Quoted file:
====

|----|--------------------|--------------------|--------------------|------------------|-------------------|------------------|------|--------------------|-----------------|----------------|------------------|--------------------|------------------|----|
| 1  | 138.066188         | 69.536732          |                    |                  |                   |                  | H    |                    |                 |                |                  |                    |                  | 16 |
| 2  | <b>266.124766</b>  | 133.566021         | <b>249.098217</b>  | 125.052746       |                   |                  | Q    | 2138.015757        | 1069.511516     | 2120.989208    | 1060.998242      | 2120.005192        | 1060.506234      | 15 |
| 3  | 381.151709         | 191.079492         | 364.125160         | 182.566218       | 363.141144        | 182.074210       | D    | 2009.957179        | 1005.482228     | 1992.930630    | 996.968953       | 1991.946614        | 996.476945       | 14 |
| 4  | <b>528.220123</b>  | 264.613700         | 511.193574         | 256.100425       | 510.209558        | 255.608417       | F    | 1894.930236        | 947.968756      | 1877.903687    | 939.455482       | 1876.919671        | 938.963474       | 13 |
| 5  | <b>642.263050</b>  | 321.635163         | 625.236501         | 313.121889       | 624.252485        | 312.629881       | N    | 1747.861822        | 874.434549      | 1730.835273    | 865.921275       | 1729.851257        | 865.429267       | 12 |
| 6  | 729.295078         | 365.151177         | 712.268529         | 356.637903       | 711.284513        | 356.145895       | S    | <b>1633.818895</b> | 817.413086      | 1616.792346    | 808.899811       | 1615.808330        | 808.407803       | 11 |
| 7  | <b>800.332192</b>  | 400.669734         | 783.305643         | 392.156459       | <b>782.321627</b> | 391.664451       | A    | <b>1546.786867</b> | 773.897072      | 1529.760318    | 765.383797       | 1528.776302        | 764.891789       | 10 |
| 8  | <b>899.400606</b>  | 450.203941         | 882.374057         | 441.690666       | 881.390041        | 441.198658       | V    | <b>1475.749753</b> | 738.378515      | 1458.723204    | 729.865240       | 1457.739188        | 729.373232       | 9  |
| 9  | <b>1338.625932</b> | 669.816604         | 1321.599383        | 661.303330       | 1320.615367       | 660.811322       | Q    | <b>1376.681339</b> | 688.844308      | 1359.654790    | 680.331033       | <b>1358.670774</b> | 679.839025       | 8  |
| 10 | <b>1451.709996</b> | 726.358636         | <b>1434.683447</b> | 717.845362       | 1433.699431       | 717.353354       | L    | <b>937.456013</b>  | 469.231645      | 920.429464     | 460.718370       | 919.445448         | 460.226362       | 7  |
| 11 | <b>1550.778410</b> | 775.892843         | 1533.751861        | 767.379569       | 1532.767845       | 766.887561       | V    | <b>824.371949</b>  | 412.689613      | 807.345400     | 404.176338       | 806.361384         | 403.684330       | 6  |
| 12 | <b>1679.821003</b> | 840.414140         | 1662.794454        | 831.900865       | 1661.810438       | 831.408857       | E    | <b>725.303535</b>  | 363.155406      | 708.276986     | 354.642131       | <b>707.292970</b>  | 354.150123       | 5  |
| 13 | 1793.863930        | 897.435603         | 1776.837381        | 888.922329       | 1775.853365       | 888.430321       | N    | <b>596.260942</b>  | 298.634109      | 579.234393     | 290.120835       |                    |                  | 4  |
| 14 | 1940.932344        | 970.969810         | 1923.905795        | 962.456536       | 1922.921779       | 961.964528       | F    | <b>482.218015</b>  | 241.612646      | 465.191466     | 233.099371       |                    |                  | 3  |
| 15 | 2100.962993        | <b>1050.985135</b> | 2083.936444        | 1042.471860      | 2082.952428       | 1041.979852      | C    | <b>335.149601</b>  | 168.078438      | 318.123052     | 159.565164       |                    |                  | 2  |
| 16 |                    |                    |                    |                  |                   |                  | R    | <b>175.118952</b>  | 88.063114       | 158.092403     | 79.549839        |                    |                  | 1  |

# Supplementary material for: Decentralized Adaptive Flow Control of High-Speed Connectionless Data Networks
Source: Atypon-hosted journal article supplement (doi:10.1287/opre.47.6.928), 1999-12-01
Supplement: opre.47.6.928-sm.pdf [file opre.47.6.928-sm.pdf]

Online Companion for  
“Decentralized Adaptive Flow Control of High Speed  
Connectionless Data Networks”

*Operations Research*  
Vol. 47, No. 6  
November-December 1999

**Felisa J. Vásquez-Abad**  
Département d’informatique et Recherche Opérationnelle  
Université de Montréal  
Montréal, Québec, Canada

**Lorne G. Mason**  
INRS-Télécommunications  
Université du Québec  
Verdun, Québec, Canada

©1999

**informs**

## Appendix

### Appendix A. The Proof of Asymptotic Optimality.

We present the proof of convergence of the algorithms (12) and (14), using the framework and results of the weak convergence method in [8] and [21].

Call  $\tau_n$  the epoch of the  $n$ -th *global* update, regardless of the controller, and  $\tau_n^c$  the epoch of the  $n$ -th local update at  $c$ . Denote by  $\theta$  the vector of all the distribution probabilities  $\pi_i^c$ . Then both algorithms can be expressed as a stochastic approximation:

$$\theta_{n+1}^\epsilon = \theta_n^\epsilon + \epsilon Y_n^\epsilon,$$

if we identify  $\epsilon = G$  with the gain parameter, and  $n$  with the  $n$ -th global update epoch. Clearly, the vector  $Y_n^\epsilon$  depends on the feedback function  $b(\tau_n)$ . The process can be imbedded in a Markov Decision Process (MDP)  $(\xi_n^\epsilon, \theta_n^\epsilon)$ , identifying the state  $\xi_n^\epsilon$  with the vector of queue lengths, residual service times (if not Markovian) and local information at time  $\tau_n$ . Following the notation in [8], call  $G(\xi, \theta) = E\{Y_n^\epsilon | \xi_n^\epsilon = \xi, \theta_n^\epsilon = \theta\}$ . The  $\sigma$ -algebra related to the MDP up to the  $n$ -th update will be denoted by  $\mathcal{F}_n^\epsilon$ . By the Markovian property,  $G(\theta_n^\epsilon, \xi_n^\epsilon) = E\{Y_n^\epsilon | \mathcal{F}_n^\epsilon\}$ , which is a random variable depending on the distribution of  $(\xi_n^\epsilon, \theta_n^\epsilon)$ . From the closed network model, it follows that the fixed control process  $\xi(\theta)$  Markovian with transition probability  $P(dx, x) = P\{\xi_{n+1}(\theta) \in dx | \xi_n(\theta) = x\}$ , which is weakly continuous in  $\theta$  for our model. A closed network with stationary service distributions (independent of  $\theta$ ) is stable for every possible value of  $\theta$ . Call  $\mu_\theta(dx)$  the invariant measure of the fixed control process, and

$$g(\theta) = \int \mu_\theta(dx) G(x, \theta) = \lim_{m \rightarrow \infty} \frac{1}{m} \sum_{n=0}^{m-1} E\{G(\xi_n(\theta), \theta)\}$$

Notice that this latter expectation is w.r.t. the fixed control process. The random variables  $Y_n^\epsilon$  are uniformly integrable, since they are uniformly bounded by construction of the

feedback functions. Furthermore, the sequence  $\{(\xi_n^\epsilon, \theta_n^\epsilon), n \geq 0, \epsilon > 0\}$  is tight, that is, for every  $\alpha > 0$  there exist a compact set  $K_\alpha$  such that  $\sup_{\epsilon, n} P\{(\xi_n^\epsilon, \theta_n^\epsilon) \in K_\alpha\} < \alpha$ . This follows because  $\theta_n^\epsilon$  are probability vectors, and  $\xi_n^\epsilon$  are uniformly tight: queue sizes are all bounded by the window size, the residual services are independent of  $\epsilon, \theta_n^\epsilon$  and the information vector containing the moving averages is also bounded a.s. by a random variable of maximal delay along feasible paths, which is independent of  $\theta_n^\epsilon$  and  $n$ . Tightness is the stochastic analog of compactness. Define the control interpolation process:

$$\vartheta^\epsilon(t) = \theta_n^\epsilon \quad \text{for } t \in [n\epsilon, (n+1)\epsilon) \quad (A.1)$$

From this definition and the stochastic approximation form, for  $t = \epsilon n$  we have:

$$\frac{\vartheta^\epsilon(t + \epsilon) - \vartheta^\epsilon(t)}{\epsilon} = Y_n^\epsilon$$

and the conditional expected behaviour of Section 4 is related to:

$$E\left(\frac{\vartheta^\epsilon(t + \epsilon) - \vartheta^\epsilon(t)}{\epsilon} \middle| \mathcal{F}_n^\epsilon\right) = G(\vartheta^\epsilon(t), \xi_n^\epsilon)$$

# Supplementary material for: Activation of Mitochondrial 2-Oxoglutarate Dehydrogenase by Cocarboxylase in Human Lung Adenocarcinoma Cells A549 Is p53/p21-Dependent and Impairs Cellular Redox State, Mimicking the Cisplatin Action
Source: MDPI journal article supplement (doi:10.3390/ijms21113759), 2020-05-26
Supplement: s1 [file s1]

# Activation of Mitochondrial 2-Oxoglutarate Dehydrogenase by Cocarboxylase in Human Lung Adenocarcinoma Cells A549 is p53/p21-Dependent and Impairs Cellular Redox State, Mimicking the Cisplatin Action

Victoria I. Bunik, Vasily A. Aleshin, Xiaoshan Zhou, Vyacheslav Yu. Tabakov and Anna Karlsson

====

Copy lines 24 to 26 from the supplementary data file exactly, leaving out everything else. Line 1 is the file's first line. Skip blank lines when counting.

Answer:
*Operations Research*  
Vol. 47, No. 6  
November-December 1999